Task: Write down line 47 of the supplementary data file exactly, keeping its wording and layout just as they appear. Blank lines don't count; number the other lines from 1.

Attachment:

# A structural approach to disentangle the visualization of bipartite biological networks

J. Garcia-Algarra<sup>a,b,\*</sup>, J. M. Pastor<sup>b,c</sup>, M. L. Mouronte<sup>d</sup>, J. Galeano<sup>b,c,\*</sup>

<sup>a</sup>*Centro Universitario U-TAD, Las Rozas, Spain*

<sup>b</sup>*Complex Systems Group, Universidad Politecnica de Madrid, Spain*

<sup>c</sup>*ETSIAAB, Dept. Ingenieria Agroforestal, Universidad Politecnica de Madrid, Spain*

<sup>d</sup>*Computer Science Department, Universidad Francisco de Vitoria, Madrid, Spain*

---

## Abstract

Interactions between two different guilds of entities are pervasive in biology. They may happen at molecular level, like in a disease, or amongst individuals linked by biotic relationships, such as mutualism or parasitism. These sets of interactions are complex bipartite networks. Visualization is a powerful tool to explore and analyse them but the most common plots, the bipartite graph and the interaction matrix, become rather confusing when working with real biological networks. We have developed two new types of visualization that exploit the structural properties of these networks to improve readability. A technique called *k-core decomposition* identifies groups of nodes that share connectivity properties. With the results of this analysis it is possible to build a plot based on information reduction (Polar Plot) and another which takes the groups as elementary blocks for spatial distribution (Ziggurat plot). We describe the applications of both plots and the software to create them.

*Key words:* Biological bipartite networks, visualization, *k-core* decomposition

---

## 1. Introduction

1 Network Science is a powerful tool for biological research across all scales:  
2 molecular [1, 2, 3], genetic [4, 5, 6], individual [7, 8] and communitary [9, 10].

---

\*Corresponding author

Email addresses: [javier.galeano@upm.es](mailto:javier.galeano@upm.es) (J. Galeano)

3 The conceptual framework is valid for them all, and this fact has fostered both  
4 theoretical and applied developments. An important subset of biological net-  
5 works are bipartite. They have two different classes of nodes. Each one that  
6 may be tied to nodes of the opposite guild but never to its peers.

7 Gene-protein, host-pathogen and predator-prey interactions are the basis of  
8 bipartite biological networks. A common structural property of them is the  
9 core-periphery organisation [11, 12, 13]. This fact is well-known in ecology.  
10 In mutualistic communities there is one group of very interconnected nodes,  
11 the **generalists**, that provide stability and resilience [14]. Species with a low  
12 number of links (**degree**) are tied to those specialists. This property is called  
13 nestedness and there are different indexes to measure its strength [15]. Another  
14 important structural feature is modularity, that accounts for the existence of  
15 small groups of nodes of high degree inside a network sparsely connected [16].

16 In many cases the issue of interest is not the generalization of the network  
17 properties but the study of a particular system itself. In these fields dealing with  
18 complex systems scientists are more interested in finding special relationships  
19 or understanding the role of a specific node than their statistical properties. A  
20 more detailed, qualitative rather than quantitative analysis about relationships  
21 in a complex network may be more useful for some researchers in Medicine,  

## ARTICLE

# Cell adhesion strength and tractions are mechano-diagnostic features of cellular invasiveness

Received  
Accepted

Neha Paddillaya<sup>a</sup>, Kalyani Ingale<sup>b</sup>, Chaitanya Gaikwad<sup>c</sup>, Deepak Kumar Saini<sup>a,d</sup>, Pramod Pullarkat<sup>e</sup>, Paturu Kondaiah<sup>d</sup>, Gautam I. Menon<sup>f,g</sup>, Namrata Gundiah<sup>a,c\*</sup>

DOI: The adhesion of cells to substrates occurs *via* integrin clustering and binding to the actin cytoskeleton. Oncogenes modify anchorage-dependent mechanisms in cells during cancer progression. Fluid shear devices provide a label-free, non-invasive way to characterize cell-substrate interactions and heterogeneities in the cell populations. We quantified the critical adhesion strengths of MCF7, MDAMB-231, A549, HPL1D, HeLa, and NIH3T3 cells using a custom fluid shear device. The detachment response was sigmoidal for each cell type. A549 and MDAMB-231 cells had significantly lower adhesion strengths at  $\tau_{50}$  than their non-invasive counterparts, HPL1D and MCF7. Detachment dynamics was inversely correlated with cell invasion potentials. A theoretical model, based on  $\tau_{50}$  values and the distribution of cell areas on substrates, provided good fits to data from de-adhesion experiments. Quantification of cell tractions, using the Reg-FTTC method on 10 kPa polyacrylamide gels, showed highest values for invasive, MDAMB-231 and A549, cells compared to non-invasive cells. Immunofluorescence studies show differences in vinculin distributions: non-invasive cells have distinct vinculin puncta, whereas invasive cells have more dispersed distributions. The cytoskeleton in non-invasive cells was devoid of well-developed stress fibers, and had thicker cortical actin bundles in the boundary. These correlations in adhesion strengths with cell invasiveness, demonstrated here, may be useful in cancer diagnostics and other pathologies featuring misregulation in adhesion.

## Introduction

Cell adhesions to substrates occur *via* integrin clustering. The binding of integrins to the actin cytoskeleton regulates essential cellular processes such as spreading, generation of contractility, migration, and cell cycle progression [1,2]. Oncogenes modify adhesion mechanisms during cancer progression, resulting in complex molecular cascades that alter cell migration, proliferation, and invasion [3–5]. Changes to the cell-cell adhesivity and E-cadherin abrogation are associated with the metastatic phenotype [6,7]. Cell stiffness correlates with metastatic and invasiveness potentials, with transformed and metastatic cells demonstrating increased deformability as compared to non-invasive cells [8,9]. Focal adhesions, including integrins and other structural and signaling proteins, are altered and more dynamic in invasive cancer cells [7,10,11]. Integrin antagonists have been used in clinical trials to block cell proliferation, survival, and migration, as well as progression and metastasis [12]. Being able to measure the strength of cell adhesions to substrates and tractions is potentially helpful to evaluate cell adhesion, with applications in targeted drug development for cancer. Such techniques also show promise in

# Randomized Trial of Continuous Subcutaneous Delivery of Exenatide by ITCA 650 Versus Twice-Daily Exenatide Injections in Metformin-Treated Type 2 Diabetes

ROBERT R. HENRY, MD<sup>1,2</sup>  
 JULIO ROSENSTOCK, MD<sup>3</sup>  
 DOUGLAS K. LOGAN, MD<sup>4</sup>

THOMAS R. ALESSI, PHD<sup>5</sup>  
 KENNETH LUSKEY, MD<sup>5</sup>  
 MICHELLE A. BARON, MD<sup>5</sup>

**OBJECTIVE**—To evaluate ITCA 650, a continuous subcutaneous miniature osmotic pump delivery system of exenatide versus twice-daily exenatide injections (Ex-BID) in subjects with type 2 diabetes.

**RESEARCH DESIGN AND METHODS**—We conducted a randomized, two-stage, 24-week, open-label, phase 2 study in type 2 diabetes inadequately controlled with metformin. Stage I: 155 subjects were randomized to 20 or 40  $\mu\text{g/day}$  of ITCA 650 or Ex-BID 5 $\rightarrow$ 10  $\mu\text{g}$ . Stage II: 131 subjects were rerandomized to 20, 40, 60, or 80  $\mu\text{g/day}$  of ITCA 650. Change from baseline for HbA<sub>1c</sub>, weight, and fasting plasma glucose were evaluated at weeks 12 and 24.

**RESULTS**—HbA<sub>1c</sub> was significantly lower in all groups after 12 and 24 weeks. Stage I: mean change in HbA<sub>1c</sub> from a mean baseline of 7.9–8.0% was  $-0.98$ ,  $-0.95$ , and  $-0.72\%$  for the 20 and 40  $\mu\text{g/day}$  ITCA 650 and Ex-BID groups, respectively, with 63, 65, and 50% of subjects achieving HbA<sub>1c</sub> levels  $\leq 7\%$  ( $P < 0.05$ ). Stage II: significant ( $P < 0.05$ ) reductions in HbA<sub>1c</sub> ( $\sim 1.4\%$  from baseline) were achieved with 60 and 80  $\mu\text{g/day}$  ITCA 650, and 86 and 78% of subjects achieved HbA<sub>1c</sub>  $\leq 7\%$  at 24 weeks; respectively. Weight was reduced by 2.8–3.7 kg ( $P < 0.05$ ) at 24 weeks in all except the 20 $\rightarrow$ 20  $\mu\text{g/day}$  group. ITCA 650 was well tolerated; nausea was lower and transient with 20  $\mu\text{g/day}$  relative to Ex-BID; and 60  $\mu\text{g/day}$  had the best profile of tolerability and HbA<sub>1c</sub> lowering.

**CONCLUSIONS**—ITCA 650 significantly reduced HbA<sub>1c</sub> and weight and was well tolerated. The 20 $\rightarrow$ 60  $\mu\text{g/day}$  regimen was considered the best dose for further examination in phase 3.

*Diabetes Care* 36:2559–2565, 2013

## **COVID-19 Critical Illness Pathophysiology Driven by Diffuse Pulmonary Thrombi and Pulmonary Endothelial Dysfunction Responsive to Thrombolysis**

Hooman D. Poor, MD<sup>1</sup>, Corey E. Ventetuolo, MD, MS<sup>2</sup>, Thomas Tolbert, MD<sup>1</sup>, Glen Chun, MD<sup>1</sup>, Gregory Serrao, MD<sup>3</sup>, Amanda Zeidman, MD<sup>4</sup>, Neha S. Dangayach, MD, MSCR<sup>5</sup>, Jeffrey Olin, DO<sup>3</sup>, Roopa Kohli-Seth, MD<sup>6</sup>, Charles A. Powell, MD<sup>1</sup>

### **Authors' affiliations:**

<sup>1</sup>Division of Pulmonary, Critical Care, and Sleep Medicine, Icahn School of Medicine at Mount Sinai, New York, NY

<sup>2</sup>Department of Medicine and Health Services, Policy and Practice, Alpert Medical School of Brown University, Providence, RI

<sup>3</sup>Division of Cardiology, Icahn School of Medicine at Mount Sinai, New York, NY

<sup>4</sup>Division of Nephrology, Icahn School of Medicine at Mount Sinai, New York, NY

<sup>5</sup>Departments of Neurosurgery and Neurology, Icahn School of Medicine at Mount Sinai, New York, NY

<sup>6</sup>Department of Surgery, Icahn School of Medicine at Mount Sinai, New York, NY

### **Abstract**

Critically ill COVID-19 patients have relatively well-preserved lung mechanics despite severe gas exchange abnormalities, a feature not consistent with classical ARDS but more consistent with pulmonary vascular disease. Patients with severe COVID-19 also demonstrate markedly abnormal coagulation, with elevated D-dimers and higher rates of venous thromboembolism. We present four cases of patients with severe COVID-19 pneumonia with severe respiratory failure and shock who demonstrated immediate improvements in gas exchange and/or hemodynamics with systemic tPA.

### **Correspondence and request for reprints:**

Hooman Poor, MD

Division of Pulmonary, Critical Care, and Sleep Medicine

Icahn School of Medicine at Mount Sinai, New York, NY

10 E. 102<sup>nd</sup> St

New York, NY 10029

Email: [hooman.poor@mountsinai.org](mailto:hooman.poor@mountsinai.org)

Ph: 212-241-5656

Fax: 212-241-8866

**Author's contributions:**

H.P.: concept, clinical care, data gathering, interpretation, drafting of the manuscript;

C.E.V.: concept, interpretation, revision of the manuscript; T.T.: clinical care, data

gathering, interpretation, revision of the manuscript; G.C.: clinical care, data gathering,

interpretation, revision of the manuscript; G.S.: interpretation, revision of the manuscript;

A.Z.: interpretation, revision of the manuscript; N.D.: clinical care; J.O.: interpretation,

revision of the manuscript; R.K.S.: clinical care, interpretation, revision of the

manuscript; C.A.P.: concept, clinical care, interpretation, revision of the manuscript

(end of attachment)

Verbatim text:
 JULIO ROSENSTOCK, MD<sup>3</sup>  